How do we play Sudoku?
November 23, 2006 4:56am CST
Can somebody explain how to play Sudoku?
23 Nov 06
it's easy on logic but difficult to execute. How to Play Sudoku? Sudoku requires no calculation or arithmetic skills. It is essentially a game of placing numbers in squares, using very simple rules of logic and deduction. It can be played by children and adults and the rules are simple to learn. Sudoku Objective The objective of the game is to fill all the blank squares in a game with the correct numbers. There are three very simple constraints to follow. In a 9 by 9 square Sudoku game: Every row of 9 numbers must include all digits 1 through 9 in any order Every column of 9 numbers must include all digits 1 through 9 in any order Every 3 by 3 subsection of the 9 by 9 square must include all digits 1 through 9 Similarly, smaller Sudoku puzzles, such as the 4x4 puzzle, must have the numerals 1 through 4 in each row, column and subsection. Larger Sudoku games (16 by 16) must have numerals 1 through 16 in each row, column and region. The principles are the same whatever the size of the game. Every Sudoku games begins with a number of squares already filled in, and the difficulty of each game is largely a function of how many squares are filled in. The more squares that are known, the easier it is to figure out which numbers go in the open squares. As you fill in squares correctly, options for the remaining squares are narrowed and it becomes easier to fill them in. The Sudoku games on SudokuDaily.net let you check your progress as you go, to help prevent going down a wrong path. Also check this site: http://en.wikipedia.org/wiki/Sudoku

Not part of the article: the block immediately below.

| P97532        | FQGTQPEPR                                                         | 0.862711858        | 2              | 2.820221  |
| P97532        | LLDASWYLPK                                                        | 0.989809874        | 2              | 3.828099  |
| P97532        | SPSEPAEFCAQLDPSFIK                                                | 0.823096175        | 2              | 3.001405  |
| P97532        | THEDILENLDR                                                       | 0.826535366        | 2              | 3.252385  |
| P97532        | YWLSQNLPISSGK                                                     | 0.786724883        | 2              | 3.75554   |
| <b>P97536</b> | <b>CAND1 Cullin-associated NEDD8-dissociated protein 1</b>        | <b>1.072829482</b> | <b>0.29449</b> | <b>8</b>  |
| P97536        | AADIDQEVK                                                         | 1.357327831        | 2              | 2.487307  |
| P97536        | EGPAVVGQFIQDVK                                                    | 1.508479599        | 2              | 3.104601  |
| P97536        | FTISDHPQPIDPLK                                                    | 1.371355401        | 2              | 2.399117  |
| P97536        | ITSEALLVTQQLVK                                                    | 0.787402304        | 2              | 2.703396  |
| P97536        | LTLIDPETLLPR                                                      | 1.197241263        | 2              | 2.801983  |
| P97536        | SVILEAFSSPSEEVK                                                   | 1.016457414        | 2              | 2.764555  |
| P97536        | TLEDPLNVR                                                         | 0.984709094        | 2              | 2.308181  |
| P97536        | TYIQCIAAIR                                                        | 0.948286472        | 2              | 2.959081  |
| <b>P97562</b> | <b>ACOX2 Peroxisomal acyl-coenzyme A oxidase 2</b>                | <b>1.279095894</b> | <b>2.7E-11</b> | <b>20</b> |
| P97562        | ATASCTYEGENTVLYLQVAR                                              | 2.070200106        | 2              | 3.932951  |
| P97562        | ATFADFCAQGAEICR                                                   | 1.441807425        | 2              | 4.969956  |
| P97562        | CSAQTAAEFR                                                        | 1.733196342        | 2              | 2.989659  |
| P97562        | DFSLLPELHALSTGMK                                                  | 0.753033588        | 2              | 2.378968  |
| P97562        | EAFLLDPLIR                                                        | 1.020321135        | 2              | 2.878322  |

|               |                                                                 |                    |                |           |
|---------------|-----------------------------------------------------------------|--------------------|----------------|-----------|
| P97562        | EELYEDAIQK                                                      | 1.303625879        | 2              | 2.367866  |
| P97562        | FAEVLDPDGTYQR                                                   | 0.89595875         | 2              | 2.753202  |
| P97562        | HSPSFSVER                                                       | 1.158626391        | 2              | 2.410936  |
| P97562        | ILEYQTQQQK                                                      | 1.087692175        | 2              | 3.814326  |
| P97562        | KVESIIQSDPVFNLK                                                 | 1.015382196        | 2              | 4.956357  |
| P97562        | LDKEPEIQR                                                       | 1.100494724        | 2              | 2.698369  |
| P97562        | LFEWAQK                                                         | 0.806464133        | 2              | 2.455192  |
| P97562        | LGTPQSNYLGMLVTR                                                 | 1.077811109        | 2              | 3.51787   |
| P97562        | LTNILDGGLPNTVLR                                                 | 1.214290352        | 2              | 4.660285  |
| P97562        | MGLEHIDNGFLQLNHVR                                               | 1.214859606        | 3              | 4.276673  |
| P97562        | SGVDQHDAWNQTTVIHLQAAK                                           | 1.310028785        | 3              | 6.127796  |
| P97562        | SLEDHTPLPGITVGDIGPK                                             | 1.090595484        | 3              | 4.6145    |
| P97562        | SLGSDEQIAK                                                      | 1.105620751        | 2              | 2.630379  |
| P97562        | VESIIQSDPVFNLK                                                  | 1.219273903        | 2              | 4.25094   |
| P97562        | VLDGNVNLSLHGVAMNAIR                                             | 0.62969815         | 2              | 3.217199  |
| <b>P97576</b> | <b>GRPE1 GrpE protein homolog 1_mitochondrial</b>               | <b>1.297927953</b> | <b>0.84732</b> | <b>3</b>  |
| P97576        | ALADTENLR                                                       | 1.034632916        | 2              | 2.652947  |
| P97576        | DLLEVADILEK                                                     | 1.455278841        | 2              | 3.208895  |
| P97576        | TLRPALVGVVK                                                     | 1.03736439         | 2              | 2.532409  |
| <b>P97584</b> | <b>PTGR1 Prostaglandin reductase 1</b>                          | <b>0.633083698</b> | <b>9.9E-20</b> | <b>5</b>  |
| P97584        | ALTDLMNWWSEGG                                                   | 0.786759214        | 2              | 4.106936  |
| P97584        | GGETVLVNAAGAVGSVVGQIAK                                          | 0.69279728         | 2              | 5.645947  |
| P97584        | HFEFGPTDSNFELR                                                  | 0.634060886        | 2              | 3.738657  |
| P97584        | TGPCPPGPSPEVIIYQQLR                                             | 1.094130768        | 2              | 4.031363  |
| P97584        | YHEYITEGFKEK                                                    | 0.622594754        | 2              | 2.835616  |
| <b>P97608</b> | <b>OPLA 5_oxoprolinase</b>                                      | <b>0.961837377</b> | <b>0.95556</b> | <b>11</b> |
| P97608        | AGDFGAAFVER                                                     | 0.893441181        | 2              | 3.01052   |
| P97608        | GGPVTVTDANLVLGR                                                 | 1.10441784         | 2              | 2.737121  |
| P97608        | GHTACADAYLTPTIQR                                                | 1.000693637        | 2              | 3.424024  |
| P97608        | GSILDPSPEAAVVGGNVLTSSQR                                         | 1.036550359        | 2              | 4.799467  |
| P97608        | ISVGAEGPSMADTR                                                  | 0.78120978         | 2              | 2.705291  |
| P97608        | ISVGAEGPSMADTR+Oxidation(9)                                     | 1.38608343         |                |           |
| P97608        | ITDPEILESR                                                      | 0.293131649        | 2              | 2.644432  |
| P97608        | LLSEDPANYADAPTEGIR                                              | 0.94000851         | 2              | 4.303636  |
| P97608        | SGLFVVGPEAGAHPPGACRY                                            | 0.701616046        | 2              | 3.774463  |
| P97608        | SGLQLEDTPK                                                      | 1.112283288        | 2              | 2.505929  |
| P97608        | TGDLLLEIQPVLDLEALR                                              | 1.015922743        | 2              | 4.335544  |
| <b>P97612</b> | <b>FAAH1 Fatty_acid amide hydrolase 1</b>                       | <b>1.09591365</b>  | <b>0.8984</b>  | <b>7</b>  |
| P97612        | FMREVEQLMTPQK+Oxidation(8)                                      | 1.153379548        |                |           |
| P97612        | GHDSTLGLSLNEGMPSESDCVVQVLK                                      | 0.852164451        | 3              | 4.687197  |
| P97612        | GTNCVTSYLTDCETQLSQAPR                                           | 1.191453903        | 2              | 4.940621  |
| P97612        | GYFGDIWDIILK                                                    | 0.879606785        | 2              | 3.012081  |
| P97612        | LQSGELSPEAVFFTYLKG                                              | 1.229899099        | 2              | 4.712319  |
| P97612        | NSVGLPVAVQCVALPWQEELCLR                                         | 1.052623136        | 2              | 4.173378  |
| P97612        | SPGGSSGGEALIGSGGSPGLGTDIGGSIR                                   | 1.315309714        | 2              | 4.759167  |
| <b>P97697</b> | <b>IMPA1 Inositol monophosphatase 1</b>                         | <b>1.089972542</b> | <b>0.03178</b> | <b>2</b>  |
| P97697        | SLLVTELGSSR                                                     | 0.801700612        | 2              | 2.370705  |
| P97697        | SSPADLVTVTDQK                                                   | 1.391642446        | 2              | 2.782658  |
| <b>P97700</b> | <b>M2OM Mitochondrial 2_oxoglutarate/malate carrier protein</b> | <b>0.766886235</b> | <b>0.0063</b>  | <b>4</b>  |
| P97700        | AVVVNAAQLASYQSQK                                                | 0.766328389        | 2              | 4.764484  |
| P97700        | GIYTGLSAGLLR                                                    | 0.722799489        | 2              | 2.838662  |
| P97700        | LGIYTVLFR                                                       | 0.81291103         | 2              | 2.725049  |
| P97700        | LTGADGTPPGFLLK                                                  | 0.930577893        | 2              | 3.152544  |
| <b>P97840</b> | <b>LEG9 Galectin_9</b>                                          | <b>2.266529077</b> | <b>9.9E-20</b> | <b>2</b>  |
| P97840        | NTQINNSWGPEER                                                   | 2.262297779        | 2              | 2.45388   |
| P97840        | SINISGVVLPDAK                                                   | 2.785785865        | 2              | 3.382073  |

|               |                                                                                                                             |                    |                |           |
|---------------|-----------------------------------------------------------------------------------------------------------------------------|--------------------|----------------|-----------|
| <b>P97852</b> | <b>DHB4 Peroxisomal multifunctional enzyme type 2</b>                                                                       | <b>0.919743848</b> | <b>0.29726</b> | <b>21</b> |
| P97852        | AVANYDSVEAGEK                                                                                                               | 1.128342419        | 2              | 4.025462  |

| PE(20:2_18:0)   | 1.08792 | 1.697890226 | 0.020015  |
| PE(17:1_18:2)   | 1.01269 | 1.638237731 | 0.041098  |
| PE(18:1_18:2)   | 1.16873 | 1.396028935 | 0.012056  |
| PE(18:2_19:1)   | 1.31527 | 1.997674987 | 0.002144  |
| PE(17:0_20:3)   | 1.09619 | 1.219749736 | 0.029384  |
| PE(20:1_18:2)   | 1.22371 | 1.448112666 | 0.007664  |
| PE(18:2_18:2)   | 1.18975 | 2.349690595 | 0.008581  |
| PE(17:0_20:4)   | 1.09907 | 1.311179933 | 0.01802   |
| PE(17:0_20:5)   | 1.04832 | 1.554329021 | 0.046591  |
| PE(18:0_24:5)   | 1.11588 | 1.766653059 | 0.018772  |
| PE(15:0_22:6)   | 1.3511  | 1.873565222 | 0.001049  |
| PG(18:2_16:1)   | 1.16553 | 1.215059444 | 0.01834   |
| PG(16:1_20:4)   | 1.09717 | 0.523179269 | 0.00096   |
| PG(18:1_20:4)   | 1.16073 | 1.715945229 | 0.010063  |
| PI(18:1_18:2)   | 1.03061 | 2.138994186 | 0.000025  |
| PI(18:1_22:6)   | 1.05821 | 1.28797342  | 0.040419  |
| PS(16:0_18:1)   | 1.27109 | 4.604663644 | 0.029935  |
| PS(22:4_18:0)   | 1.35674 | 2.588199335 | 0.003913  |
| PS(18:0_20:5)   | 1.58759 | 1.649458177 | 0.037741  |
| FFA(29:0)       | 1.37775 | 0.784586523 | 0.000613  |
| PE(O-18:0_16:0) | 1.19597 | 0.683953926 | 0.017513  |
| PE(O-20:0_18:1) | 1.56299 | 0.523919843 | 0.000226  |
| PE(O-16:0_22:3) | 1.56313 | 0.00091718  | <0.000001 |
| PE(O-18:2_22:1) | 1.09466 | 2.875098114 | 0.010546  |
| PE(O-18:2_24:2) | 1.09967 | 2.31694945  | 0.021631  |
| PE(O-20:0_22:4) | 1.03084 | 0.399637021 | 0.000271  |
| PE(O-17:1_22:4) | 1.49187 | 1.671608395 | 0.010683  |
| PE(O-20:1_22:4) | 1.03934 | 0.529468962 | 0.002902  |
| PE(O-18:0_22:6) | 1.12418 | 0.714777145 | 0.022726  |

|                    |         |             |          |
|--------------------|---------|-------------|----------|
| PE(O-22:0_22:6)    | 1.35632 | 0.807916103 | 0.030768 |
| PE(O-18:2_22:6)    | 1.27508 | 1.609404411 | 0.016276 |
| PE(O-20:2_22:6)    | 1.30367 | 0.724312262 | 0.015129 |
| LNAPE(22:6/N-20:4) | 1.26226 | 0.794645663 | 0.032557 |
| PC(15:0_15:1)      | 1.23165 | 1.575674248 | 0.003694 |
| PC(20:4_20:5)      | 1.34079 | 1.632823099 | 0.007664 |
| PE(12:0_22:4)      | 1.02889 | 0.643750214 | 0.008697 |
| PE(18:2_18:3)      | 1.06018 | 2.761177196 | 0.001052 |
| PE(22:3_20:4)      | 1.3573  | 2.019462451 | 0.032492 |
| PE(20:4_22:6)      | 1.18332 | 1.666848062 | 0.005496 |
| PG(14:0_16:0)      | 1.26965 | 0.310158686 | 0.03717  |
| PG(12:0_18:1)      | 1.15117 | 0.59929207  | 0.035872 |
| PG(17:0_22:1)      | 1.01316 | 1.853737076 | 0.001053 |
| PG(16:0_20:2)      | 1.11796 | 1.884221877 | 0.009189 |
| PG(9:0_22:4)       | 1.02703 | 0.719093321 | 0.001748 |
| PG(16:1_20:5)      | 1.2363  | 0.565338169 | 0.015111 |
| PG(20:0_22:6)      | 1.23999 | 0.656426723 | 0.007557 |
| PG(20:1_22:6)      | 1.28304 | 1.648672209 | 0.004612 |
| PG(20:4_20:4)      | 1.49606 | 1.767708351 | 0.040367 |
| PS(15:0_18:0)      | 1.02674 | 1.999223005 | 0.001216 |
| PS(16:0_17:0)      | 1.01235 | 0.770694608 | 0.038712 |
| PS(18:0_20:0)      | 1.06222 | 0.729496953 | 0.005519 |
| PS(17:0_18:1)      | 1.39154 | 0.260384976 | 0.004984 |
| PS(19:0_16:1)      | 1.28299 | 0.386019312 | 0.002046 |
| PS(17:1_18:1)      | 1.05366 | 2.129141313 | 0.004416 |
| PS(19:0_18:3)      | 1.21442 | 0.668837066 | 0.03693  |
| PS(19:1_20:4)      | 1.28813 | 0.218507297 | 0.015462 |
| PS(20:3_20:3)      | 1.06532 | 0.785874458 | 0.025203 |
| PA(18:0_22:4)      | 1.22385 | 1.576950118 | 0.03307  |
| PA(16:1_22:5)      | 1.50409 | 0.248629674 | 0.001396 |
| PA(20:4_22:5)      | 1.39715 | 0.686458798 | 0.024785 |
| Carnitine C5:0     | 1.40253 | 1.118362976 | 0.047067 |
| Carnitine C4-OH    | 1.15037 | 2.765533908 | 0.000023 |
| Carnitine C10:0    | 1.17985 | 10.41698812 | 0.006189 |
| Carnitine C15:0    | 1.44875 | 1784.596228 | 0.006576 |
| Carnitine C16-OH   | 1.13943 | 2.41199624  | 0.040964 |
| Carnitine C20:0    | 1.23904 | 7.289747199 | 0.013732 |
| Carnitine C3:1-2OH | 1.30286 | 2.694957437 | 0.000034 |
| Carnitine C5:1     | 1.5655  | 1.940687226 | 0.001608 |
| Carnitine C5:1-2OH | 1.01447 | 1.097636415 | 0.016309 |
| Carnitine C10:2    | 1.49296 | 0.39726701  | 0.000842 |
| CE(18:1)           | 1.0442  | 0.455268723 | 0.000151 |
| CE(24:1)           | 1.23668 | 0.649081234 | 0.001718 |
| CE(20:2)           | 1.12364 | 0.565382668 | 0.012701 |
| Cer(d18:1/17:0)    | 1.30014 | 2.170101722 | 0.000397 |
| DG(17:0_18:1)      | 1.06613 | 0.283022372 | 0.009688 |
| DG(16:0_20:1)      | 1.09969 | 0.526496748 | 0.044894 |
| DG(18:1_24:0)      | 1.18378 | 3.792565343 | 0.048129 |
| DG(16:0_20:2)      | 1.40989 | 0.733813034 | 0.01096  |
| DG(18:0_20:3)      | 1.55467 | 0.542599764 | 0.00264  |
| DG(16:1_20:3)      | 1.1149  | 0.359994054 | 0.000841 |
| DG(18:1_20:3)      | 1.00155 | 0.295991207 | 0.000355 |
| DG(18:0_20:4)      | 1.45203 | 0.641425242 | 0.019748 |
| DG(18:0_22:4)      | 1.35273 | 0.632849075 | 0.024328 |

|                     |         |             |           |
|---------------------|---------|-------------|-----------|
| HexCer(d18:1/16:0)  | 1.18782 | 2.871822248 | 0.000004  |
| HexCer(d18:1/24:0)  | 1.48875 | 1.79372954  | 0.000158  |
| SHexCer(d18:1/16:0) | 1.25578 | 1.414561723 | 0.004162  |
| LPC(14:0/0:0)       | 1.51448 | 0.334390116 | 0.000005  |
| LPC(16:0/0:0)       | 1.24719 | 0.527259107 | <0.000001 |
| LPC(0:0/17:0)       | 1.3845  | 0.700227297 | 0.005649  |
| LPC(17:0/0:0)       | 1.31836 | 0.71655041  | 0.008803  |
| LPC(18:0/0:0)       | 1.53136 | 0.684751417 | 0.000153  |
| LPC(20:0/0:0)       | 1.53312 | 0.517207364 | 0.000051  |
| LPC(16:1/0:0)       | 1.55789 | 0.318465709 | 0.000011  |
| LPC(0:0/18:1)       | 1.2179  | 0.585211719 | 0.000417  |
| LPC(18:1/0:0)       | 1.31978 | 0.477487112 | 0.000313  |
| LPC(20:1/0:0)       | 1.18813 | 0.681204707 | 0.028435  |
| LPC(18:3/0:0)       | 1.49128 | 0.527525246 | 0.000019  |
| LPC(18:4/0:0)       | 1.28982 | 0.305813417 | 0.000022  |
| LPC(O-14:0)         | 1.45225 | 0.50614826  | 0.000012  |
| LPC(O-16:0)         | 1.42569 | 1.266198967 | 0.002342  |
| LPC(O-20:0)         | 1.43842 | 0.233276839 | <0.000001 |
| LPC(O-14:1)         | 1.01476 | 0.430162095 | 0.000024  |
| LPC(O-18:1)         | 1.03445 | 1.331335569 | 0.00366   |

24 Nov 06
Sudoku (?? sudoku?), also known as Number Place or Nanpure, is a logic-based placement puzzle. The object is to fill the grid so that every column, every row and every 3×3 box contains the digits 1 to 9. The puzzle setter provides a partially completed grid so that there is only one solution. Completed Sudoku puzzles are a type of Latin square, with an additional constraint on the contents of individual regions. Leonhard Euler is sometimes (incorrectly) cited as the source of the puzzle, based on his work with Latin squares. The modern puzzle was invented by an American, Howard Garns, in 1979 and published by Dell Magazines under the name "Number Place". It became popular in Japan in 1986, when it was published by Nikoli and given the name Sudoku. It became an international hit in 2005